“The regime carried out offensives using chemical weapons, and no one has spoken a word,” said Saba, who considered that the real problem and the reasons for the international community’s silence was not the magnitude of the catastrophe experienced by Syrians and that exaggerating sexual torture would not solve the problem.

The media is responsible

The media’s work is regulated by means of professional ethics, most notably credibility and transparency, as well as standards of handling sources.

Failure to adhere to these ethics in a case such as sexual torture is a major detriment to the victim and recipient of information.

Recounting the details of sexual torture and other methods of torture is deemed as re-traumatizing the survivors and the families of detainees, Diab Sariya said.

Sariya added that sexual torture is a gravely sensitive matter for society and that the lack of accuracy and professionalism in dealing with the issue by the media was turning into harm, the impact of which will be evident over time.

Sariya held the media responsible for verifying survivors’ accounts, especially in the case of devising methods of torture that are, in his words, different from all those known to everyone.

Detention survivor Noura al-Haboul considered that it was the responsibility of the media, in this case, to reveal what was happening in detention centers, provided that it preserved its credibility and that its objective was not limited to providing “influential media material,” as she put it.

Psychological support specialist at ADMSP within the Family Center project, Salwa Orabi, said that the experience of sexual abuse during detention is one of the most difficult and most impactful types of torture on the survivor, as it targets the privacy and dignity of the human being.

“Talk in media about sexual torture makes women who have been subjected to this type of torture feel shame and develop self-blame if it is not carried out within a specialized scientific framework.”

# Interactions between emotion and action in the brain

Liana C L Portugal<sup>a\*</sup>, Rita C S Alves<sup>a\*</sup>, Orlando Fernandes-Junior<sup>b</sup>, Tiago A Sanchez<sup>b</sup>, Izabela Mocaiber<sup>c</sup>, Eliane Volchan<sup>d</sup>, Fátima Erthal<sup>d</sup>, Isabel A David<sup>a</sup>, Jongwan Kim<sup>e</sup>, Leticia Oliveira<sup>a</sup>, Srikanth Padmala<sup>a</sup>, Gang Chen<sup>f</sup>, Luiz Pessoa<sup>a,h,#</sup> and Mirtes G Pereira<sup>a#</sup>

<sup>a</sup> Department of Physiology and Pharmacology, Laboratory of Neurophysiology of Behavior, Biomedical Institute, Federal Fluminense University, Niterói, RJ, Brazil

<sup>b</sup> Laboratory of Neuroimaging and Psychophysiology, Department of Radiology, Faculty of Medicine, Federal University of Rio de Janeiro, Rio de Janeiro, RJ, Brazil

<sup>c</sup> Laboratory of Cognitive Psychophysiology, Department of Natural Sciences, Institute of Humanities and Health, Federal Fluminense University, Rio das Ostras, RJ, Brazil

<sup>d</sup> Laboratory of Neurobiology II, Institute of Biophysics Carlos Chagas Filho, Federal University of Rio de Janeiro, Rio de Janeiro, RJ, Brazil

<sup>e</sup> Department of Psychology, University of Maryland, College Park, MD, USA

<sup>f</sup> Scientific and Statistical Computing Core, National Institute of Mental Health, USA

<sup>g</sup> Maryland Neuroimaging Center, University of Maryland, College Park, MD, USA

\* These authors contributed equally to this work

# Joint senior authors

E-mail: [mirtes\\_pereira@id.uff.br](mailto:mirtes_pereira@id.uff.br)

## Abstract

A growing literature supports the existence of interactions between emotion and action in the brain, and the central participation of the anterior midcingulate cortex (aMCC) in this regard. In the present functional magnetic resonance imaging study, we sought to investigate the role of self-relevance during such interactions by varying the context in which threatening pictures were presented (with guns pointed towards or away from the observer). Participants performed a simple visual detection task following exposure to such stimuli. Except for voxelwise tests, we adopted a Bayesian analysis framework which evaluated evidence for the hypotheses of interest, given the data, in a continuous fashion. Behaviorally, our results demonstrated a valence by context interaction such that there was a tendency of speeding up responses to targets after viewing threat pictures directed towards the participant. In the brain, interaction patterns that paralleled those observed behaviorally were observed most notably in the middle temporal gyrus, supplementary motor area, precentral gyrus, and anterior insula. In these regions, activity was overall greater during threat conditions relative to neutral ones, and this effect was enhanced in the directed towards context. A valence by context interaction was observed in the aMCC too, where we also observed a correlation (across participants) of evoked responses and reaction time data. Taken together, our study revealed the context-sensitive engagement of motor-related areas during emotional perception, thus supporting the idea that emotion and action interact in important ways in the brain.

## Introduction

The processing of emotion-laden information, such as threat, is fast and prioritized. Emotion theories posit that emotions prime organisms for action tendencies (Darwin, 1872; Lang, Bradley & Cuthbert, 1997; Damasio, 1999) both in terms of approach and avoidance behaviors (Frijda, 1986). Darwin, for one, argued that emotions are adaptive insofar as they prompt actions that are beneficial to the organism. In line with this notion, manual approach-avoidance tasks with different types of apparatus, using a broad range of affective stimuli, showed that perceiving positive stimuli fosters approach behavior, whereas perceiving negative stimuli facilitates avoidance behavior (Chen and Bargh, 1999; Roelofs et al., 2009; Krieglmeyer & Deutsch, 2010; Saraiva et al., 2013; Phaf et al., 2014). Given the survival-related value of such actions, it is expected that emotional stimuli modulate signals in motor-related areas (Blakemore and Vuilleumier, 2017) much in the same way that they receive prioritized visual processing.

Salwa Orabi, Psychological support specialist at the Association of Detainees and the Missing Persons in Sednaya Prison (ADMSP) within the Family Center project

When certain media outlets force women to recount such horrible experiences leads to the reliving of violations to which they were subjected during detention, which pushes back the chance to overcome the impact of the said violations even further, according to Orabi.

Many scientific methods exist when talking about a similar experience since victims must not be motivated or encouraged to give details about this experience, added Orabi.

The speakers also hold a responsibility towards the survivors through their reactions to their speech, as they play a role in providing the survivors with a safe space and assisting them in avoiding feelings of guilt and self-blame.

The psychological support specialist indicated that women who have been subjected to this violation need physical and psychological treatment first and foremost.

“Exaggerations undermine a large part of the arrest narrative and open the door to skepticism and exaggeration by one person that exposes all other detainees’ narratives to the risk of questioning and falsification.”

Diab Sariya, Founder of the Association of Detainees and the Missing Persons in Sednaya Prison (ADMSP)

Some 154,398 people, including 5161 children and 10,159 women, remain under arrest or enforced disappearance by the parties to the conflict and the dominant forces in Syria from March 2011 until August 2022, according to a Syrian Network for Human Rights (SNHR) report issued on 30 August.

In another report, SNHR documented some 11,523 incidents of sexual violence against females by parties to the conflict from March 2011 to March 2022, including 8013 incidents perpetrated by Syrian regime forces.